Friday, 26 October 2012

Education or Training ?

The thing about my Blog Posts is that you don't see one for weeks and then 2 come along together!

I must apologise again for the lack of Blog posts recently. The server connection is currently poorer than I have ever experienced here. I am told it is a small problem that the provider is working on….. for over 2 weeks!......., I have changed my provider but it doesn’t seem to be making much difference. I suppose I could just try and live with no contact through phone or internet and experience how it must have been for volunteers in the 1980’s! The trouble is, the rest of the developed world assumes I have the access, which makes the situation doubly difficult. Also, I am still hoping to reach my target of 200 blog postings before I leave here in February. Never mind, please don’t desert me. I’m trying my best.

I have had the opportunity to help with some training for teachers, qualified and un-qualified in recent weeks. This has allowed me to consider all sorts of issues related to “learning”, that confirm my feeling that I have been time travelling back to the British 1950s or beyond whilst here.
Increasingly, it occurs to me, hardly anyone in the world of Ghanaian Education in the Upper West, holds any beliefs or opinions about the profession in which they are employed. That may be due to the fact that they are never asked their opinions about anything educational!

If different strategies were employed in classrooms to enhance pupils’ learning, then comparisons could be made about effectiveness. However, there is only “chalk and talk”. Chalk is the only resource in most classrooms. Teachers are there to tell children what they need to know to pass the exams. Nobody needs to think, they just need to remember. Enquiries about their thoughts or opinions are not made to pupils or teachers. There is no discussion about theory or practice. Applying any information at the most basic level is a massive issue in teaching and learning for pupils and teachers.

All teacher and headteacher workshops are precisely the opposite. They are briefings. We tell you how to do it. Don’t ask questions other than for clarification of facts. The term “workshop” implies some activity, discovery and sharing of expertise. Well, the “trainers” have been told from Accra what they should impart and they follow instructions. Training is about “taking people through procedures”.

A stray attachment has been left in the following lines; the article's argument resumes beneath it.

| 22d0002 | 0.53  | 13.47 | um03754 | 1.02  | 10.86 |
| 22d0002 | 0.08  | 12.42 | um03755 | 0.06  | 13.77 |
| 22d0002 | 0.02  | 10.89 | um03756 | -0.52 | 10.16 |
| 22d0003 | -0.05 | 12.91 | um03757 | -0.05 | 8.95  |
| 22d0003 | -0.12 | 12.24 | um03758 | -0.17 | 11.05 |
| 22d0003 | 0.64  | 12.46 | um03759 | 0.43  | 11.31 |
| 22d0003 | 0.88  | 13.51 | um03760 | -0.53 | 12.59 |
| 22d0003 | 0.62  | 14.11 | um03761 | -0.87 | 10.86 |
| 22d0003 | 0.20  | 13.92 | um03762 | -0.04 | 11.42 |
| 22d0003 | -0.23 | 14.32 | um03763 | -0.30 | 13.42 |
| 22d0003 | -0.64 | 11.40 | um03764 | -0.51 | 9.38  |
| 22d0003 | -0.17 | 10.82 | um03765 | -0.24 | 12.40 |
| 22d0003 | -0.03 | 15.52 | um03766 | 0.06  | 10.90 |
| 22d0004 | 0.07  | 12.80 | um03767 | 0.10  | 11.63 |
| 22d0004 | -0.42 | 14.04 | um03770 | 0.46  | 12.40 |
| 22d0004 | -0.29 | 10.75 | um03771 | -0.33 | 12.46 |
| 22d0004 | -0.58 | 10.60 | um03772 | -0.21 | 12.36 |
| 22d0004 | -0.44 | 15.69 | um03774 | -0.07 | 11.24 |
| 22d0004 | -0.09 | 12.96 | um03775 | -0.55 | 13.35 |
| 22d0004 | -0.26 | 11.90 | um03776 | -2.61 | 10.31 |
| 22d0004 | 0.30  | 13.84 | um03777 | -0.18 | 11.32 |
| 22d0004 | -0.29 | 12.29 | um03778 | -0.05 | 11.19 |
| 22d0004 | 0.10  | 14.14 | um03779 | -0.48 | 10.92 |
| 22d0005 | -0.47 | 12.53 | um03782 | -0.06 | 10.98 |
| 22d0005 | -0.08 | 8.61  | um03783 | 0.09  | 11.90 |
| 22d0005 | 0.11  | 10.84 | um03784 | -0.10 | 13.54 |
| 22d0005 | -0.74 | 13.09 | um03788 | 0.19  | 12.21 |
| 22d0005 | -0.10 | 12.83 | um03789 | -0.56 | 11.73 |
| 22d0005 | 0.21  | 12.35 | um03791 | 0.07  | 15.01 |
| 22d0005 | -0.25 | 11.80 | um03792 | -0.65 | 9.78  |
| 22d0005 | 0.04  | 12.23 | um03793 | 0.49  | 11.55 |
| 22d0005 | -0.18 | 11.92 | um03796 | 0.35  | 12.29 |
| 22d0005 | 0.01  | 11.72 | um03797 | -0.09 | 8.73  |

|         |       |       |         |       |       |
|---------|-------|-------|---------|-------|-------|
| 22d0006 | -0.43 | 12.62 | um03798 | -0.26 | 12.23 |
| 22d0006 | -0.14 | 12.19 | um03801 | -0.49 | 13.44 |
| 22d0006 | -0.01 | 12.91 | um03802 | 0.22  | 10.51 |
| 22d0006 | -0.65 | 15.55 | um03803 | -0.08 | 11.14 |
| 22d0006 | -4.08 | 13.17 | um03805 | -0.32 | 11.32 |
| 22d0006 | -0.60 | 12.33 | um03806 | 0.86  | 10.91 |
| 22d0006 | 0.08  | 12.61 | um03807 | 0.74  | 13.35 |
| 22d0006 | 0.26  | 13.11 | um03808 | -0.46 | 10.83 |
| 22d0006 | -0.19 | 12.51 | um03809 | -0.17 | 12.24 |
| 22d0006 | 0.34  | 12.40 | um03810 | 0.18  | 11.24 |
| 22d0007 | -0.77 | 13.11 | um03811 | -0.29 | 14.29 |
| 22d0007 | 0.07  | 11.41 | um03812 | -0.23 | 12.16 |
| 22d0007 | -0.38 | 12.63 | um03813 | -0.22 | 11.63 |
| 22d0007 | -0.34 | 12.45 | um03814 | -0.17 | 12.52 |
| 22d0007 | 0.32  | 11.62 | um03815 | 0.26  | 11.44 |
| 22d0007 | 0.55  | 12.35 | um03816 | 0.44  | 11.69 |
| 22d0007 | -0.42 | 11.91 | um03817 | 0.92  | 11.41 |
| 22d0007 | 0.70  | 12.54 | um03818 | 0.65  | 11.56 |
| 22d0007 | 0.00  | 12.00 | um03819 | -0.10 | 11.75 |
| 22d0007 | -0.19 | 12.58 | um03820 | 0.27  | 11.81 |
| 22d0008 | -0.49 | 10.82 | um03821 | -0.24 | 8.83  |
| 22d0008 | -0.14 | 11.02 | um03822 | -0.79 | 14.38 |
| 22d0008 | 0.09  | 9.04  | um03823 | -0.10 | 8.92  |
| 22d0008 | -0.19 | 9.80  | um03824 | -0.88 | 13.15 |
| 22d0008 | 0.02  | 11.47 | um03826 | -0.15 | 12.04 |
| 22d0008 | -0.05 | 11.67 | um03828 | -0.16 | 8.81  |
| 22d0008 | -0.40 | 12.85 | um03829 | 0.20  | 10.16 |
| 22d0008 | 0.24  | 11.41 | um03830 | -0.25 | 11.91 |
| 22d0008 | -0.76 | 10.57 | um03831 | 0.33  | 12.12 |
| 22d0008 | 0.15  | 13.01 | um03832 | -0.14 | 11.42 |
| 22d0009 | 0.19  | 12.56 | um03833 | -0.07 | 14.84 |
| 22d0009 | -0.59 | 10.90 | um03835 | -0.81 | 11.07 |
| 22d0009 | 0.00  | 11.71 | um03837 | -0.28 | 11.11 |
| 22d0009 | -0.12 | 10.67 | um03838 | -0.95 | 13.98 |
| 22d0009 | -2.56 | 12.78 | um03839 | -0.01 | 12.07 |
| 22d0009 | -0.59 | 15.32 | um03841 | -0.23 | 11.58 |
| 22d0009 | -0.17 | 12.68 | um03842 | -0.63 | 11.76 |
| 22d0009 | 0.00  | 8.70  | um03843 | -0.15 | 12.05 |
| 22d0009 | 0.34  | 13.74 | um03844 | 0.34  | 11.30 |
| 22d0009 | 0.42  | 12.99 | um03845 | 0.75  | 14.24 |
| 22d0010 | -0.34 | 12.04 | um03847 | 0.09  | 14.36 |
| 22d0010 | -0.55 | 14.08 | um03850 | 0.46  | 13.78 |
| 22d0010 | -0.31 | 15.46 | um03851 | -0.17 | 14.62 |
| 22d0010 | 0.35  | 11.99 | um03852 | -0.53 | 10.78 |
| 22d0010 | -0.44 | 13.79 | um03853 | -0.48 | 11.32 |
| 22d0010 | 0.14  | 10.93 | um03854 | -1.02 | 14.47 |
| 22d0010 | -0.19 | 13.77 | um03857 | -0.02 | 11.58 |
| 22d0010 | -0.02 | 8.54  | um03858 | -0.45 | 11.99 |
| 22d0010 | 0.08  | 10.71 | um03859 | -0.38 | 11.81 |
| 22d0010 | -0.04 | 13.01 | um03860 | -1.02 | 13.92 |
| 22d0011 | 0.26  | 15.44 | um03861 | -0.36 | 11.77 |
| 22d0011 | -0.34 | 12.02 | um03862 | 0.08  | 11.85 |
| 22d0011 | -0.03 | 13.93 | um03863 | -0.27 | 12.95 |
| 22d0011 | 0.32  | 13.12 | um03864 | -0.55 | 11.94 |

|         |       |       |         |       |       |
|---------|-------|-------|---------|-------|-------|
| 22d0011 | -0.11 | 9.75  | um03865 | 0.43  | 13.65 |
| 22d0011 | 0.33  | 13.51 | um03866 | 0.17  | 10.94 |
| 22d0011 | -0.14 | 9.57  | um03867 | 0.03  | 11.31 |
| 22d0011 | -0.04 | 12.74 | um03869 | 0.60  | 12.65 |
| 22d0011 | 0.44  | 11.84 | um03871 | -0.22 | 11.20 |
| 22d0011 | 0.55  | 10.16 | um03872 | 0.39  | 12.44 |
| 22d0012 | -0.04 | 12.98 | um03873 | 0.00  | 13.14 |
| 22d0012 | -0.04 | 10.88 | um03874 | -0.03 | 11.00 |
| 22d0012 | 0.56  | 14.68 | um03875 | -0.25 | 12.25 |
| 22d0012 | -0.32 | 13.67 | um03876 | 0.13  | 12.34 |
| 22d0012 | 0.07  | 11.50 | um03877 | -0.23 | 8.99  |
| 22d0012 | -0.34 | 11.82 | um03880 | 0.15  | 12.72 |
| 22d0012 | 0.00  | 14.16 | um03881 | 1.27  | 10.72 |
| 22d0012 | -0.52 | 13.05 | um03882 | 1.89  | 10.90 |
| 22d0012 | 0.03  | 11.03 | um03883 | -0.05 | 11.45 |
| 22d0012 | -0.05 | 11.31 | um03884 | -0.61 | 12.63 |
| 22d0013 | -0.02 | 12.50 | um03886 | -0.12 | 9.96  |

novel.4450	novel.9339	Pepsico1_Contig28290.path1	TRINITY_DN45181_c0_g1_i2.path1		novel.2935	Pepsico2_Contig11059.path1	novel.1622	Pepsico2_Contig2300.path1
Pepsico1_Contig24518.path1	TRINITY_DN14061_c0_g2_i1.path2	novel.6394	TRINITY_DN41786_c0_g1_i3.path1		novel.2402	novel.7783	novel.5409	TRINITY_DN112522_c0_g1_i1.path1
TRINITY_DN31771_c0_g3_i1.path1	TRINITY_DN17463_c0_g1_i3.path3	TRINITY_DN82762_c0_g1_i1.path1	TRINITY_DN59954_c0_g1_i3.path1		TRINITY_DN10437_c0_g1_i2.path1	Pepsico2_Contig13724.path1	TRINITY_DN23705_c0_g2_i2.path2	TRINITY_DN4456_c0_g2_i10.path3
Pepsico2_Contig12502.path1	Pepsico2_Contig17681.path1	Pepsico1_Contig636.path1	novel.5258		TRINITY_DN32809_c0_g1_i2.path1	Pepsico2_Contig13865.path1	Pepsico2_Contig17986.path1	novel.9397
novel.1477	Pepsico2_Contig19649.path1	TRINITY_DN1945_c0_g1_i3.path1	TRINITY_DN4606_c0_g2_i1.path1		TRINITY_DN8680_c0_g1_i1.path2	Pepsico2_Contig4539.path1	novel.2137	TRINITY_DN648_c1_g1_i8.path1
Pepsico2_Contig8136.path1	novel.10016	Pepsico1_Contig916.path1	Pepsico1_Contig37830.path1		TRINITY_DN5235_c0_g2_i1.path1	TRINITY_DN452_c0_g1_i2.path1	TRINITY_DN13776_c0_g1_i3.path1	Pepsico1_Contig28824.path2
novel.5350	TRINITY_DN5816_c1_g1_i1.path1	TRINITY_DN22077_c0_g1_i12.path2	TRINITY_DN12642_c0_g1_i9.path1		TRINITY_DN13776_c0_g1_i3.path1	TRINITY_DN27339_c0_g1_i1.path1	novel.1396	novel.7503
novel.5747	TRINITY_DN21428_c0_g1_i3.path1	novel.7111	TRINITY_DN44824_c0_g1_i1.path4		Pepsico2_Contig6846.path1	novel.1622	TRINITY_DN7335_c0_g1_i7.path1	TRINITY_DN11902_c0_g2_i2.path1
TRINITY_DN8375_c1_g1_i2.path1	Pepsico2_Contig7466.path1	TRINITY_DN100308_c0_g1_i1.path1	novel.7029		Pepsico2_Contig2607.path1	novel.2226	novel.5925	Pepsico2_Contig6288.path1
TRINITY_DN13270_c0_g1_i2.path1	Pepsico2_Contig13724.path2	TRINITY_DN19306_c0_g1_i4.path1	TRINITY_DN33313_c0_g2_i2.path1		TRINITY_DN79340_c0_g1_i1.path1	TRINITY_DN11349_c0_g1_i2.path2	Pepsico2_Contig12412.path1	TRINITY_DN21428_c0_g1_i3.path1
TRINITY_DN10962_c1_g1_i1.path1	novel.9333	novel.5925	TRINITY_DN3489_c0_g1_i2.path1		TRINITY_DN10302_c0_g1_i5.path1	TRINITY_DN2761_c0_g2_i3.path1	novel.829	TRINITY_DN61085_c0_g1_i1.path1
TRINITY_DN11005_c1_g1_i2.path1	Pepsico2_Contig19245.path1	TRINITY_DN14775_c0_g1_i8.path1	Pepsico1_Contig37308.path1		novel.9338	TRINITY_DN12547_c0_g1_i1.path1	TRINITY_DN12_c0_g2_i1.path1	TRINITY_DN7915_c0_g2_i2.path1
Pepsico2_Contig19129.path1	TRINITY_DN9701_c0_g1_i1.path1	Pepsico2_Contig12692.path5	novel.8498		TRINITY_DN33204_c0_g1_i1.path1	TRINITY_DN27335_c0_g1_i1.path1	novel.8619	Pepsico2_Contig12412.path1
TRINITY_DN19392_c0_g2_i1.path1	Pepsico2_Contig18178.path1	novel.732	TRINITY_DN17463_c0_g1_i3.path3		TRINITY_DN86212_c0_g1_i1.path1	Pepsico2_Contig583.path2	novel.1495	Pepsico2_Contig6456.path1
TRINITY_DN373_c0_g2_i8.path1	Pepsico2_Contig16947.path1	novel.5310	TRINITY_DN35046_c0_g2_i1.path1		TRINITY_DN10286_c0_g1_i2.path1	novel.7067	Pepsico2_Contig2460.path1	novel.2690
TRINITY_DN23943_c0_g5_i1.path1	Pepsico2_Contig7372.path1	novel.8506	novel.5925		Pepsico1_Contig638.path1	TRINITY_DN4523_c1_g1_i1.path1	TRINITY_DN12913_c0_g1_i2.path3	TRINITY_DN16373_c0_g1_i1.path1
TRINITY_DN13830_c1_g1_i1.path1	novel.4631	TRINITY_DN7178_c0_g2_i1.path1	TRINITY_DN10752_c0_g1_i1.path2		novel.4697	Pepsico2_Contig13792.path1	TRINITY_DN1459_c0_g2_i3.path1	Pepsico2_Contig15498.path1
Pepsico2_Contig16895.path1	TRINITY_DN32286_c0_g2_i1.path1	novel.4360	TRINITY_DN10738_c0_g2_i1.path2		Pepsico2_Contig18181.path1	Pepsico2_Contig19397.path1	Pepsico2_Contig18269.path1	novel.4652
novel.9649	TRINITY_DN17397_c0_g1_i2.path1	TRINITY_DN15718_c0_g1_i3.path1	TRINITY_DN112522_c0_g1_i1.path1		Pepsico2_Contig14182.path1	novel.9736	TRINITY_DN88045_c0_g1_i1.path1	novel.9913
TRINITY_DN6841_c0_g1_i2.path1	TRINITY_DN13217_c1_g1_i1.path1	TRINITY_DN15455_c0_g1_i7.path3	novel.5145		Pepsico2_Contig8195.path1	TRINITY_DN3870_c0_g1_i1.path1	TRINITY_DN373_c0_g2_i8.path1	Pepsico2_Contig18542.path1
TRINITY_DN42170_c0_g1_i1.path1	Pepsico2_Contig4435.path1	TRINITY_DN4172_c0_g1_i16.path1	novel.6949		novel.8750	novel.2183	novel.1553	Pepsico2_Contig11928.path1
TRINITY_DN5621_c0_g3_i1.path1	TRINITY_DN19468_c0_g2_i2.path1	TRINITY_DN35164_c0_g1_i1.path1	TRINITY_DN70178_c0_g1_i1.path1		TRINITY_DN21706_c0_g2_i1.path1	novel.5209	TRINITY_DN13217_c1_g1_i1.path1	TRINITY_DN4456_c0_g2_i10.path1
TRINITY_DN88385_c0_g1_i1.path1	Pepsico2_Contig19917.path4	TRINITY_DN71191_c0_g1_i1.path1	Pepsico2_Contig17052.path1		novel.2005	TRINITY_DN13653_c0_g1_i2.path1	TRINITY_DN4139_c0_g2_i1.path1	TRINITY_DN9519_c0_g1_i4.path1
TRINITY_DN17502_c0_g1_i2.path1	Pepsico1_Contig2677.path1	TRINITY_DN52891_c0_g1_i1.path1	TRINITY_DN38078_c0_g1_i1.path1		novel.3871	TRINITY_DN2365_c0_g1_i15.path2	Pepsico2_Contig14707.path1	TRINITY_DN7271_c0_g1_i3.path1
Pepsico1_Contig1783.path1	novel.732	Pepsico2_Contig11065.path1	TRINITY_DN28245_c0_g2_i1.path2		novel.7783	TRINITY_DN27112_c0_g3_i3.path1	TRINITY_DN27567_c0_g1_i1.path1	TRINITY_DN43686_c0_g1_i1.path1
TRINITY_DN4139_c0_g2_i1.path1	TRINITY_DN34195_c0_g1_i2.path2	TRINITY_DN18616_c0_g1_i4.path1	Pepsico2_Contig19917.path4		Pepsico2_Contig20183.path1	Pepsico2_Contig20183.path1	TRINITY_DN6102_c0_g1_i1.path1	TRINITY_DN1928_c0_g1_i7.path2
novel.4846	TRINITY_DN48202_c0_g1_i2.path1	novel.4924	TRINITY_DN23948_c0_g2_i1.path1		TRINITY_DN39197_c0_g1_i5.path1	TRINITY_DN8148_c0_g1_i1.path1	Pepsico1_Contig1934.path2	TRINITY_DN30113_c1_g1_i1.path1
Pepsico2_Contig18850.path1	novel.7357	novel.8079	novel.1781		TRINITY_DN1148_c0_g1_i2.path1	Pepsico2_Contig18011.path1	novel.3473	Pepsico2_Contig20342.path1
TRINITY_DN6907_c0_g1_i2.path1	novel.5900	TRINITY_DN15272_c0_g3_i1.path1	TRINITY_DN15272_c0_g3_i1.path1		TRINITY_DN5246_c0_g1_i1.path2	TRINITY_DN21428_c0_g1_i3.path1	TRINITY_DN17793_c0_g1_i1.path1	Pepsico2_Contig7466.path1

Teachers and pupils behave in the same way. They are programmed to sit, listen and don’t talk. Asking questions implies you don’t understand and that is a weakness that you wouldn’t want anyone to be aware of. I don’t think there is any political reason for denying teachers the right of personal opinion. They just haven’t got to that stage yet. When you take the openness of expressing opinions and ideas for granted, it is stifling and frustrating when you can’t get any out of a whole room full of educators! I just wish I had the opportunity to experience some teacher training to see what they do in college.

Misguidedly, I tried to suggest some groupwork in lessons, “talk partners”, discussing a simple issue and feeding back to the class. I explained how they worked and the value of these strategies to pupils and teachers. The blank sea of faces almost put me off but no, I forged ahead with examples and reasons why. The crunch came when I gave an example of a learning objective. (Remember the pupils are in ability grouped classes in Ghanaian schools. If you are not up to it you are not “promoted” to the next class and repeat a year.) “Most pupils will understand why a plant has roots.” There was a low mumbling in my audience. It was then quietly explained to me by an Education Officer, that “most” was too demanding and the African child cannot be put under this much pressure. It is testament to my new found tolerance that I remained in the room until the end of the session!

I wonder where creativity fits in anywhere in these parts of rural Ghana, except in terms of life skills, in making what you have fit the purpose. Basic problem solving in the home, I imagine, requires some creativity if it means you eat or not. So, is any other type of creativity unnecessary, time wasting, not even considered worthy?  Art, including live music is rarely evident. What is there is good and often intricate, making careful use of precious resources. In school, however, Art consists of, “make one that looks exactly like this.” So, Art is a luxury. Plenty of other tribal communities wouldn’t agree.

Of, course there is a difference between productive creativity and creative thinking. In schools in UK we aim for both, ideally. We give children a little knowledge and skill them in using a range of tools, then we allow them to explore within a framework of expected learning outcomes. Rarely is anything “wrong” unless it is a specific mathematical or scientific fact.

We are educating young children in the affluent developed world for a future we cannot imagine. They have to be able to think for themselves and solve unimaginable problems. We can probably imagine the future, possibly still reduced in life span, for most children here. It may not be much different from their present. At best, their future will be our present.